Mirelle Durham’s children have gotten their COVID-19 vaccine.
With back-to-school nearing in Ontario, getting her children, aged nine and six years old, vaccinated was the best way to protect them, she said.
“This is the only option that we have,” Durham told Global News recently.
“It’s some protection, and I think if they were to get sick and end up in the hospital, I think that would be a lot worse.”
Durham’s children are now among the 45 per cent of kids aged five to 11 who have received at least one dose of a COVID-19 vaccine, but that number isn’t growing fast enough as Omicron spreads through Canada, experts say.
“We’ve been struggling with our communication to parents in this age group … COVID generally in children causes flu-like or cold-like symptoms, and most children do well. But some children do have severe disease and do have bad outcomes from COVID,” said Dr. Katharine Smart, president of the Canadian Medical Association.
“Our messaging trying to convey both those things at the same time has led some parents to wonder, ‘Is it really necessary if I vaccinate?’ And I think that’s been confusing.”
Five-to-11 vaccination lagging behind those in 12-to-17 age group
Canada started rolling out vaccines for children aged five to 11 at the end of November, shortly after Health Canada approved Pfizer’s pediatric vaccine for that age group.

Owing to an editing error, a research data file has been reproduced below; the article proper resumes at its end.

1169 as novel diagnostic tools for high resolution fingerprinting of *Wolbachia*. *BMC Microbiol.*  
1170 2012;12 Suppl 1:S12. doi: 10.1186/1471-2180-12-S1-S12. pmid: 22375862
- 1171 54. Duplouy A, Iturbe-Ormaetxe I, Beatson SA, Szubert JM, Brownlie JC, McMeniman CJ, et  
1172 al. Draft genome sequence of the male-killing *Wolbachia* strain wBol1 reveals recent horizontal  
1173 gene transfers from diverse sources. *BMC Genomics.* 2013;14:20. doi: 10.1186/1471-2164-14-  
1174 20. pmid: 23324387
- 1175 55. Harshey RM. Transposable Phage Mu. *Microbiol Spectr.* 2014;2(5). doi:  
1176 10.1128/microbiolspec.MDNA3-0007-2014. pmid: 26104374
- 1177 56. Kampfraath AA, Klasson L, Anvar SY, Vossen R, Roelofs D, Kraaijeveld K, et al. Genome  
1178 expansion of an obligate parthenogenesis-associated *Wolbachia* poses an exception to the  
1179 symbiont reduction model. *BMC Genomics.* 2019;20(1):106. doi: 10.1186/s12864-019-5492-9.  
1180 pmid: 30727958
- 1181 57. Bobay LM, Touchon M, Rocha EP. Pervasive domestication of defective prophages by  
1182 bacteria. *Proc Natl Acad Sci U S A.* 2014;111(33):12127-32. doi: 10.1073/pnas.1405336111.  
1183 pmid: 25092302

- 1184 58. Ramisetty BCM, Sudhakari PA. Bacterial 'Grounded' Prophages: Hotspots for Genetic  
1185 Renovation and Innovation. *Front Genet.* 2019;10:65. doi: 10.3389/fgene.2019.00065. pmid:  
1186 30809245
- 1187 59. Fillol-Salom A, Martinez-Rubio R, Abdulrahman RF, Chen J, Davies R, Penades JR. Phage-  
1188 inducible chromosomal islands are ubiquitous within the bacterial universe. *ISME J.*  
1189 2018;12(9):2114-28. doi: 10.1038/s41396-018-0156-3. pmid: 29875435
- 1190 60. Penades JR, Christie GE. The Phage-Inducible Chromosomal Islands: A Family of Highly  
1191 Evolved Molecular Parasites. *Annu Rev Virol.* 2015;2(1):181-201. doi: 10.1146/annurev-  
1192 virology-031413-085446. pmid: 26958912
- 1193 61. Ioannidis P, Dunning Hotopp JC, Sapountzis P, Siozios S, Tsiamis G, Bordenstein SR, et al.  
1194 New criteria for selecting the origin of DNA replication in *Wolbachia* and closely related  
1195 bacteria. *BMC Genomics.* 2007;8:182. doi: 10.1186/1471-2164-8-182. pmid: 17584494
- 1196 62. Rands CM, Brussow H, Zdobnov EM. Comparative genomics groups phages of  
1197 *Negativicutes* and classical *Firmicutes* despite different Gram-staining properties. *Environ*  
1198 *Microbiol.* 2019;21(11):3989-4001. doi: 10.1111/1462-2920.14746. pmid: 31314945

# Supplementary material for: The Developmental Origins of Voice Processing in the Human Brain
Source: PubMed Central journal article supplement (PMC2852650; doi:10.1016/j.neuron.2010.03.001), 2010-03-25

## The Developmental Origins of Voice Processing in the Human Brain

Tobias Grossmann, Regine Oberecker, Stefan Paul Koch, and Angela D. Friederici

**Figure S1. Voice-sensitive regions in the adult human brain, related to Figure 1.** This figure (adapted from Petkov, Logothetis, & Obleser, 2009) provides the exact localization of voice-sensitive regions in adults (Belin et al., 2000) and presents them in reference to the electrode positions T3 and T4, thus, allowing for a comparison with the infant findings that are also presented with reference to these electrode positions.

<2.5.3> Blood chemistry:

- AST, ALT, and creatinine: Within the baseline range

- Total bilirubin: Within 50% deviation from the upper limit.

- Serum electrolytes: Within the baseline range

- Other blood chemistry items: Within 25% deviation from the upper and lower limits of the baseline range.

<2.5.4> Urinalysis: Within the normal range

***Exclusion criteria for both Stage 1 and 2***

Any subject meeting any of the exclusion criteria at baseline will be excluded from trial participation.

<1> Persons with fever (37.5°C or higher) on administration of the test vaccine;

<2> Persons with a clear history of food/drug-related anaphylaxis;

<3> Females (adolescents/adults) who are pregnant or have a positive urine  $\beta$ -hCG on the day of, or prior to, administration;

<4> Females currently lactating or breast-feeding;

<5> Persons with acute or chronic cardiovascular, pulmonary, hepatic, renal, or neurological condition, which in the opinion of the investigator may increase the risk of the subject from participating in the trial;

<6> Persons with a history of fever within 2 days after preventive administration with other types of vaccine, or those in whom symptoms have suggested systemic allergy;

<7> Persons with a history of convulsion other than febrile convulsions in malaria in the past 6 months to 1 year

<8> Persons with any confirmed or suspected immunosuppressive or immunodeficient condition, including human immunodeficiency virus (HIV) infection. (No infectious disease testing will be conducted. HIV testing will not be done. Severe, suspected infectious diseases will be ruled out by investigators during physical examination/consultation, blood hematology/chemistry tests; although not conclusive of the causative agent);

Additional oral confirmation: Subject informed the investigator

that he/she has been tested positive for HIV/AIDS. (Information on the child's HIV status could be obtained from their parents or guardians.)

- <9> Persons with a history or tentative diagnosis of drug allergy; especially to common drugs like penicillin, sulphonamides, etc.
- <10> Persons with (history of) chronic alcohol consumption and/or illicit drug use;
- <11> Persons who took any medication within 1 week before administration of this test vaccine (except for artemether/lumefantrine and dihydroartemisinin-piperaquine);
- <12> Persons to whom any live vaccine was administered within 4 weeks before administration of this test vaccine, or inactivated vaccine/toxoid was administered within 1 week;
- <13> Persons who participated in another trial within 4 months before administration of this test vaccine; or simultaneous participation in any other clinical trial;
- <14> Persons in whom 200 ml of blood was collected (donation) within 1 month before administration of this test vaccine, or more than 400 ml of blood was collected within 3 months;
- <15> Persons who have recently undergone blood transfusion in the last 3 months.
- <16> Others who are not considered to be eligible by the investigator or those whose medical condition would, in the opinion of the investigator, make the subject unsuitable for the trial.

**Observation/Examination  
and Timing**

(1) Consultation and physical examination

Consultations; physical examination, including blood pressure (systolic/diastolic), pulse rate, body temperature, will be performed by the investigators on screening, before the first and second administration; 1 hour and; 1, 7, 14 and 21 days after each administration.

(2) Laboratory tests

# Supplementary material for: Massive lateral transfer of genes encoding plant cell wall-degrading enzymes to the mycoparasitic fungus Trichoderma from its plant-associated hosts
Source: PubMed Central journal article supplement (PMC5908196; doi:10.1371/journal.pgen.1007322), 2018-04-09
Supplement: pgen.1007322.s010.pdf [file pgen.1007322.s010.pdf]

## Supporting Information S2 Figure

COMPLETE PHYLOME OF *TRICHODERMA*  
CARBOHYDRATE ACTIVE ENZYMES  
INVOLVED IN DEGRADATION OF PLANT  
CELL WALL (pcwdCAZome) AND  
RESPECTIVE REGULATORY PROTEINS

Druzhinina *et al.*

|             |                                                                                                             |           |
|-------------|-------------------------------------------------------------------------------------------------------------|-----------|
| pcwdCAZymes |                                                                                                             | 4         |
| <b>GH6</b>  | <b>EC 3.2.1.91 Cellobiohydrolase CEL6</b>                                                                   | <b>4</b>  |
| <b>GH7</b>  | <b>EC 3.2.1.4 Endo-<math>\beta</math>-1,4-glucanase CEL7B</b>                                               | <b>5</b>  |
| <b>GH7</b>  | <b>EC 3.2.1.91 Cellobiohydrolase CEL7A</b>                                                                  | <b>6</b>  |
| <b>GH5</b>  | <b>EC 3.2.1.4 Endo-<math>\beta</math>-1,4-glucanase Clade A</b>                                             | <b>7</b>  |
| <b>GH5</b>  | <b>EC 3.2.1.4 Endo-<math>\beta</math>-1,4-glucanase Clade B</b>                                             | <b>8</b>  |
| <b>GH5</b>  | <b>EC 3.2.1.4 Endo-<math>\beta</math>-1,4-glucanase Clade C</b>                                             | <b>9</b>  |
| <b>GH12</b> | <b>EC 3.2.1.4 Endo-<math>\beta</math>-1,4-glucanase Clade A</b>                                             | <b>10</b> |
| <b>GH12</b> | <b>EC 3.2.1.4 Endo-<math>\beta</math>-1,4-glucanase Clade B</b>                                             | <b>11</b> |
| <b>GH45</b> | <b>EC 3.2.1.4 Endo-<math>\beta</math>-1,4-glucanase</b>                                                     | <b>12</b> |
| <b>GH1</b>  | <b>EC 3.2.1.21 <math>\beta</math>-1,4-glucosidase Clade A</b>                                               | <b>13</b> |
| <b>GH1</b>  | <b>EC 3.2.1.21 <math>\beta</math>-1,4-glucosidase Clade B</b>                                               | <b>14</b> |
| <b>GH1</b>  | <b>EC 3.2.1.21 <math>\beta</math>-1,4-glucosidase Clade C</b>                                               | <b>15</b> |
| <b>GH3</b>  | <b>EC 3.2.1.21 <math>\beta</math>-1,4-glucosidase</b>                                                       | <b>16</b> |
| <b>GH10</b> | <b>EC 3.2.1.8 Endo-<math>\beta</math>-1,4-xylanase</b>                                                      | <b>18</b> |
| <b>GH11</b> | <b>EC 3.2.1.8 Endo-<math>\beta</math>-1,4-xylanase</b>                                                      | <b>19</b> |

With most schools across Canada temporarily returning to remote learning immediately following the Christmas break, the vaccination rate still lags behind older students, who have been able to get vaccinated since earlier in 2021.
Alberta vaccination rate for kids aged 5-11 remains low
About 87 per cent of kids aged 12 to 17 have received at least one dose, while 83 per cent are fully vaccinated.
On Wednesday, Prime Minister Justin Trudeau issued a plea for children ages five to 11 to get vaccinated, especially during the Omicron wave.
“Almost half of kids across this country have gotten their vaccine. … We need to get more, so please ask your parents if you can get vaccinated,” Trudeau said.
Michelle Dagnino, executive director of the Jane/Finch Community and Family Centre in Toronto, told Global News vaccine uptake in the Jane and Finch neighbourhood has dropped off since the rollout began.
With in-person schooling returning in Ontario Monday, Dagnino said she’s seen vaccine uptake increase, but not by a dramatic jump.
Dagnino agrees with Smart that the messaging around vaccination for kids hasn’t been clear.
“From the beginning, parents needed to hear, ‘This is very safe, this is the best way to protect your children and your families and this is the best way to protect your communities,’” she said.
“What we’ve heard a lot has been some uncertainty about whether we should be waiting to get more information about the vaccines, whether it is sort of the best option for the entirety of that age range (or) maybe it’s better for kids who are a little bit older … and it hasn’t been very easy to access either.”
Vaccine access is also key to increasing vaccination rate among that age group, said Smart, who is also a pediatrician in Whitehorse, Yukon.